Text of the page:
Better together: giving and investing in social causes is best done together

In his ground-breaking book, Sapiens, Yuval Noah Harari argues we are all herd animals. We thrive when we’re surrounded by trusted allies who care about the same stuff. Common purpose creates a sense of safety.

This hasn’t change with modern sapiens. Yes, we have technology, more information and longer lives – but our behaviour today correlates to our behaviour 100,000 years ago. We love groups, communities, clubs, societies and parties. They provide a common purpose.

A growing phenomenon in the UK and around the world is the ‘giving circle’. At BeyondMe, we’ve now created over 150 ‘BeyondMe teams’ – groups of 7 professionals who join together and commit their time, skills and money to a charity project for one year. We’ve seen time and again how giving together complements social impact: bringing new ideas to the table, improving our knowledge and diversifying the skills available to deliver effective social impact.

We know more than most that the universal dynamics of a group can increase, improve and bring greater enjoyment to the act of giving and investing.

Unfortunately, we also know that this isn’t always recognised by potential givers when deciding to invest their time, skills and money: in a recent survey of 66 young professionals, BeyondMe found that a lack of time was the single biggest barrier stopping them from volunteering. Other perceived and real barriers often include:

Perceived Real
My skills can’t support this organisation The issue I care about is complex
I can’t trust charities I don’t understand how charities and social enterprises operate
My money won’t make any difference I’m not sure how to spot success

If you’re reading this and thinking… “Huh, some of those apply to me”, then you are not alone.

Giving and investing effectively is hard, even for experienced professional investors and philanthropists. So, consider this:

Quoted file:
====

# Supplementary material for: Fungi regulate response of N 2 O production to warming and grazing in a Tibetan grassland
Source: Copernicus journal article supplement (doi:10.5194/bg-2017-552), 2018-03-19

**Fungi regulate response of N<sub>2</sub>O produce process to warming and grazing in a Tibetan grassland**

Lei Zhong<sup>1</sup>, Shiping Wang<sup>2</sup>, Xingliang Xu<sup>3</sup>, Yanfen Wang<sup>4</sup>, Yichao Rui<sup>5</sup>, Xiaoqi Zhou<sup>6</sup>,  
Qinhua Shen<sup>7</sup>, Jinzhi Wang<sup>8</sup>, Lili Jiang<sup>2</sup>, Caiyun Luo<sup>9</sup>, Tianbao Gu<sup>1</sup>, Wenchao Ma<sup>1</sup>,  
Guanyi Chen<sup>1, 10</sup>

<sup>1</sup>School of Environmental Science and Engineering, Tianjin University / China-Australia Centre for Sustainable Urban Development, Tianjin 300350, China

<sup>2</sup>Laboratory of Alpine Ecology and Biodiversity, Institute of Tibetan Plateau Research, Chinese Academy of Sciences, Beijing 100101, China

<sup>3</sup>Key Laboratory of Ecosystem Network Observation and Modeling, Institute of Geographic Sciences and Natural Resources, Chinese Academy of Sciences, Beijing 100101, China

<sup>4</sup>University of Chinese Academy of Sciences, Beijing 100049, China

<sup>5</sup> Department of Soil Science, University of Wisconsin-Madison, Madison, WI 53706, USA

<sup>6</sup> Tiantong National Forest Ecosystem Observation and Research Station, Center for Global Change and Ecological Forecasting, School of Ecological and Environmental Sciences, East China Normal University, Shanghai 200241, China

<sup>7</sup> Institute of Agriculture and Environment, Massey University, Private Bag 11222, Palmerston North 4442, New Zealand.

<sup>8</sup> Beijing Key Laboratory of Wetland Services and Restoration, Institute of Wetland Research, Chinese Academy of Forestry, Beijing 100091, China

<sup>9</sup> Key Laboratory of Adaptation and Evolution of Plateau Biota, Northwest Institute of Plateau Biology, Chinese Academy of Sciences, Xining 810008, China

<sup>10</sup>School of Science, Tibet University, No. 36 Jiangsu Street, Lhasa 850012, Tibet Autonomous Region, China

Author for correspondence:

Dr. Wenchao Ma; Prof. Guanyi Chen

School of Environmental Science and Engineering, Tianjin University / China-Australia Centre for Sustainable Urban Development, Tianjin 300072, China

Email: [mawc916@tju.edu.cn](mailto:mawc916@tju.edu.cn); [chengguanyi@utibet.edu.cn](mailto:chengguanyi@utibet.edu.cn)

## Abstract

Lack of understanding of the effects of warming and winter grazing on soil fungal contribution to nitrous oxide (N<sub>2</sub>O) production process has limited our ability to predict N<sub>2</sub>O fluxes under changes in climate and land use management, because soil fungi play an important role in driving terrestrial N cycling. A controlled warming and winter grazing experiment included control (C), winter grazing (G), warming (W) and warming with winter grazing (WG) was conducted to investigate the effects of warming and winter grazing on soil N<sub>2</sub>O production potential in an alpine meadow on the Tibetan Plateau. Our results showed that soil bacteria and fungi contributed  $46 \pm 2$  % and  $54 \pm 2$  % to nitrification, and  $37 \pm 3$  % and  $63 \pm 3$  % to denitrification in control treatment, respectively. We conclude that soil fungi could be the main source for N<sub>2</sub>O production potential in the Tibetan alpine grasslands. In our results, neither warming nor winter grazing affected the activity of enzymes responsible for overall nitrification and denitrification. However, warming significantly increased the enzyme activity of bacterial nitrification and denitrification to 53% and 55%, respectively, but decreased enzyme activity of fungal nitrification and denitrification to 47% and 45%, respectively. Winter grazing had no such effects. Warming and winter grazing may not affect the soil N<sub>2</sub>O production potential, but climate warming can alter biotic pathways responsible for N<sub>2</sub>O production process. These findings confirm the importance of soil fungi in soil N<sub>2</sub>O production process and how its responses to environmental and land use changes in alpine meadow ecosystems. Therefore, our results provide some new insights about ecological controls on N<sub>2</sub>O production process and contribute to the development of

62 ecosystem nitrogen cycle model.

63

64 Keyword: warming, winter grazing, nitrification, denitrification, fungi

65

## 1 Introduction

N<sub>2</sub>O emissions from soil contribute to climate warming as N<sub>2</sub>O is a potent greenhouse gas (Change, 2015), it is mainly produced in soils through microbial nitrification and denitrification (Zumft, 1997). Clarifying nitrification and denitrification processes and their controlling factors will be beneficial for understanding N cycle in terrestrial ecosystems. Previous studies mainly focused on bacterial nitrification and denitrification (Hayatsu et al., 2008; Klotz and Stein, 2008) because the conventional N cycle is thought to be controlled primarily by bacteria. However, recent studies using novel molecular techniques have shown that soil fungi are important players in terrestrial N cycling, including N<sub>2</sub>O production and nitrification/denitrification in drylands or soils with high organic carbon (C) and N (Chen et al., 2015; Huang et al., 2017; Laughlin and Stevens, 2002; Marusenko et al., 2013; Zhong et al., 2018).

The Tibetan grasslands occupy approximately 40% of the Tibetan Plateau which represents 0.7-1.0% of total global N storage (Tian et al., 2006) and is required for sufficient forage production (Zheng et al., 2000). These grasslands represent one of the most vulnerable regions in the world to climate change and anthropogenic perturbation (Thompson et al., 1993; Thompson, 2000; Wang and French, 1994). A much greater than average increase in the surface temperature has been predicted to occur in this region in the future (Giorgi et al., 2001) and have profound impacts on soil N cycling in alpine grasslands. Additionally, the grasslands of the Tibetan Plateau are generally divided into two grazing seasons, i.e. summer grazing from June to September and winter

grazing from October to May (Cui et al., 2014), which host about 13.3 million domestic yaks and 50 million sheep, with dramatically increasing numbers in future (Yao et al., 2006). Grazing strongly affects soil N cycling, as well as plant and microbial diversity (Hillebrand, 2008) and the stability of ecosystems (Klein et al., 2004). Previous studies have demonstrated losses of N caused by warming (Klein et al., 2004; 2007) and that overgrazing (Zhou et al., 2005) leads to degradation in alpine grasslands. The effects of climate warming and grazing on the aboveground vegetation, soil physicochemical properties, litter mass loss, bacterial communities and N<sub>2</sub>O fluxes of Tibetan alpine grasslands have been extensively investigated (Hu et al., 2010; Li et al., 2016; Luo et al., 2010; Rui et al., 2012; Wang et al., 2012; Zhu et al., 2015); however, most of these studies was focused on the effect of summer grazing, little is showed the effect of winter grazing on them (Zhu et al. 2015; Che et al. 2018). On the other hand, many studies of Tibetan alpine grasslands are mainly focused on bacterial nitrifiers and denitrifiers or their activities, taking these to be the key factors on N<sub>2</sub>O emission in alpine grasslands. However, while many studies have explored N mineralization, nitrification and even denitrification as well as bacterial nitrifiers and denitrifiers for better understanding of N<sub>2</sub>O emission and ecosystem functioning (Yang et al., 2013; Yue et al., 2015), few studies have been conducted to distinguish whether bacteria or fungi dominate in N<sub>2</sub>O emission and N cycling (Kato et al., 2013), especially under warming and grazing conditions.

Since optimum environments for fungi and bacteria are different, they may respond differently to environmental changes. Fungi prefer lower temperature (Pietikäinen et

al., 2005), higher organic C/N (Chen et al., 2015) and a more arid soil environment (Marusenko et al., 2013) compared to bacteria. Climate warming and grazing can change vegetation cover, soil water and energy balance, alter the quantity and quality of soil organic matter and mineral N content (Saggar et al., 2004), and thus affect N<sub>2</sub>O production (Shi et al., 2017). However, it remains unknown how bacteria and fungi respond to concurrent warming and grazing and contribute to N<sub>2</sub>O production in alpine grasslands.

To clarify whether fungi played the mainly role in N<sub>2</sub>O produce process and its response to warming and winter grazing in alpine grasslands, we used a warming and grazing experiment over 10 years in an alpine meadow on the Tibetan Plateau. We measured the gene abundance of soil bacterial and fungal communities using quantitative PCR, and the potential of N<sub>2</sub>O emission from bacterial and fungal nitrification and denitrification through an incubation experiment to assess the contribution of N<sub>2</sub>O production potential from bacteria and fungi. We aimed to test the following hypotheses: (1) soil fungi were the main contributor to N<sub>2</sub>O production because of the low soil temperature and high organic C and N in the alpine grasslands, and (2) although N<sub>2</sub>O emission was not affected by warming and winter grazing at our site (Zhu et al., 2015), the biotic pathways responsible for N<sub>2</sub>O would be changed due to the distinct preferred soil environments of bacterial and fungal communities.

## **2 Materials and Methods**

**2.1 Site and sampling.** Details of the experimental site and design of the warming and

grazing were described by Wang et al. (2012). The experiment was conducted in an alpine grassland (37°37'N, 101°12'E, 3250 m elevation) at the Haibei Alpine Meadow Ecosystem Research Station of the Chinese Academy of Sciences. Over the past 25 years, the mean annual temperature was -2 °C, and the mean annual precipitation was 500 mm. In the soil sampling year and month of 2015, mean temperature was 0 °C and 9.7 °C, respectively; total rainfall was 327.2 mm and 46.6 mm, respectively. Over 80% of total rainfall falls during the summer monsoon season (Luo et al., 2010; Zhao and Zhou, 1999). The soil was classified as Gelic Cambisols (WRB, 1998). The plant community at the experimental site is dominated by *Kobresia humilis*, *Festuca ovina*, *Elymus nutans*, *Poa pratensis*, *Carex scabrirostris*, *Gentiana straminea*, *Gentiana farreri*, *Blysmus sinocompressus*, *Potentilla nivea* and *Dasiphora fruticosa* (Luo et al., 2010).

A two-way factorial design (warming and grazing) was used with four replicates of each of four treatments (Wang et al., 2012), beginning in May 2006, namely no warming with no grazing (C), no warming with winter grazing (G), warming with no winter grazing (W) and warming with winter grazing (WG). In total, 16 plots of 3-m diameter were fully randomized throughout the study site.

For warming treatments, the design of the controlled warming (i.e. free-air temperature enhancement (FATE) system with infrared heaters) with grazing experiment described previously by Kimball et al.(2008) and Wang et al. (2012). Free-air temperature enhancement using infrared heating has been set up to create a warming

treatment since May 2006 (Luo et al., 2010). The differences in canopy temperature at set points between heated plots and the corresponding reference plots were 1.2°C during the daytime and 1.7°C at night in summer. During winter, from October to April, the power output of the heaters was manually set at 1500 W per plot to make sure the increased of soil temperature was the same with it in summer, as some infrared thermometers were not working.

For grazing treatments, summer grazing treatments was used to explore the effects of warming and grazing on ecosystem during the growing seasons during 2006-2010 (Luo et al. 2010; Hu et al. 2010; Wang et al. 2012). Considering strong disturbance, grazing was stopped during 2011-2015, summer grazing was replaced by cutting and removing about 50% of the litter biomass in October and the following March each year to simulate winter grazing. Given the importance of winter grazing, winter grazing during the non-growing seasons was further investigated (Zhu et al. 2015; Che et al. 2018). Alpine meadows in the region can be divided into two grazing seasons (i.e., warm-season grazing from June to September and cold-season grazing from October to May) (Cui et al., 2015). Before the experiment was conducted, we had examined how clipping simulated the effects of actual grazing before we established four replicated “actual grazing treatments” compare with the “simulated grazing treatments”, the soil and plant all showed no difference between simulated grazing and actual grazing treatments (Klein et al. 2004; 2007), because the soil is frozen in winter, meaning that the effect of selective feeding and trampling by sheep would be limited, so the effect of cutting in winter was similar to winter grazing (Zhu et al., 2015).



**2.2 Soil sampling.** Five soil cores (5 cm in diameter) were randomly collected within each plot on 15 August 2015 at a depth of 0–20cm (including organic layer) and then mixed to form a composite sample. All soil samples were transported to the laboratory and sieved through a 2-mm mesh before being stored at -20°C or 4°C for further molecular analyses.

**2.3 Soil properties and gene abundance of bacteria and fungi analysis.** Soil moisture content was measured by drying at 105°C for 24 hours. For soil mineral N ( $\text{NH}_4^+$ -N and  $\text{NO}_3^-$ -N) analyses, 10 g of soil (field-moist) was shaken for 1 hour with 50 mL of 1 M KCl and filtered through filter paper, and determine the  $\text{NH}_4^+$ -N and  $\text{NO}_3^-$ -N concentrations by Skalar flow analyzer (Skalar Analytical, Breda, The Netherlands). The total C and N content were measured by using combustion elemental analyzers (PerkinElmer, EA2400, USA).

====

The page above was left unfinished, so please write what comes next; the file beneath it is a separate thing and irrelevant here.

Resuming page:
You care about gender equality. You are overwhelmed by the scale of the challenge and don’t know what you can do to help. Then, you are introduced to a group of people who share your passion for creating a world in which women and men enjoy equal rights. In this group you find a blend of backgrounds, interests and expertise in how this issue rears its head across different organisations and frontline services. You join together in the common goal of doing something that makes a meaningful difference. Roles emerge, a plan takes shape, opportunities arise and suddenly you’re finding a way to deploy your skills and capital to achieve a shared goal.

It seems like common sense – a logical conclusion of your desire to do good, but it is also backed up by more than just Yuval Noah Harari historical insights.

“Giving circles are made up of individuals who pool their resources and then decide together where these should be distributed.” Eikenberry, 2009

Dr. Angela Eikenberry, a brilliant researcher who has studied giving circles in the UK and USA, provides some fascinating insights:

  • Giving circles influence members to give more.
  • Giving circles influence members to give more strategically (research, vision for change, operating expenses, performance data).
  • Giving circle members give to a wide array of organisations.
  • Giving circle members are highly engaged in the community.
  • Giving circles increase members’ knowledge about philanthropy, nonprofits, and the comunity
  • Giving circles have a mixed influence on members’ attitudes about philanthropy, nonprofit and government roles, and political/social abilities and values.

If these points aren’t persuasive enough, then look to your own experience. As a co-investor your confidence is a group activity. As in philanthropic giving circles, the number of opportunities to support usually increases; the burden of due-diligence is shared; and co-investment in a shared mission creates a group knowledge-base and camaraderie that is hard to rival on your own.

The group dynamic goes a long way to reducing both the real and perceived barriers to giving and investing effectively. But, I also believe that a sense of duty and loyalty to the group you are a part of drives even greater participation in the cause you care about.

If our experience is anything to go by, the satisfaction and sense of utility you crave can be realised by giving and investing together.

Nick Mason is Head of Portfolio and Operations at BeyondMe, a movement of young professionals who give time, skills and money to charities and social enterprises.

 He will be in conversation with Numbers for Good Co-founder and CEO, Dominic Llewellyn in London on Thursday 10th November, from 6-9PM. To find out more and or book a free ticket in the discussion see BeyondMe’s events page.

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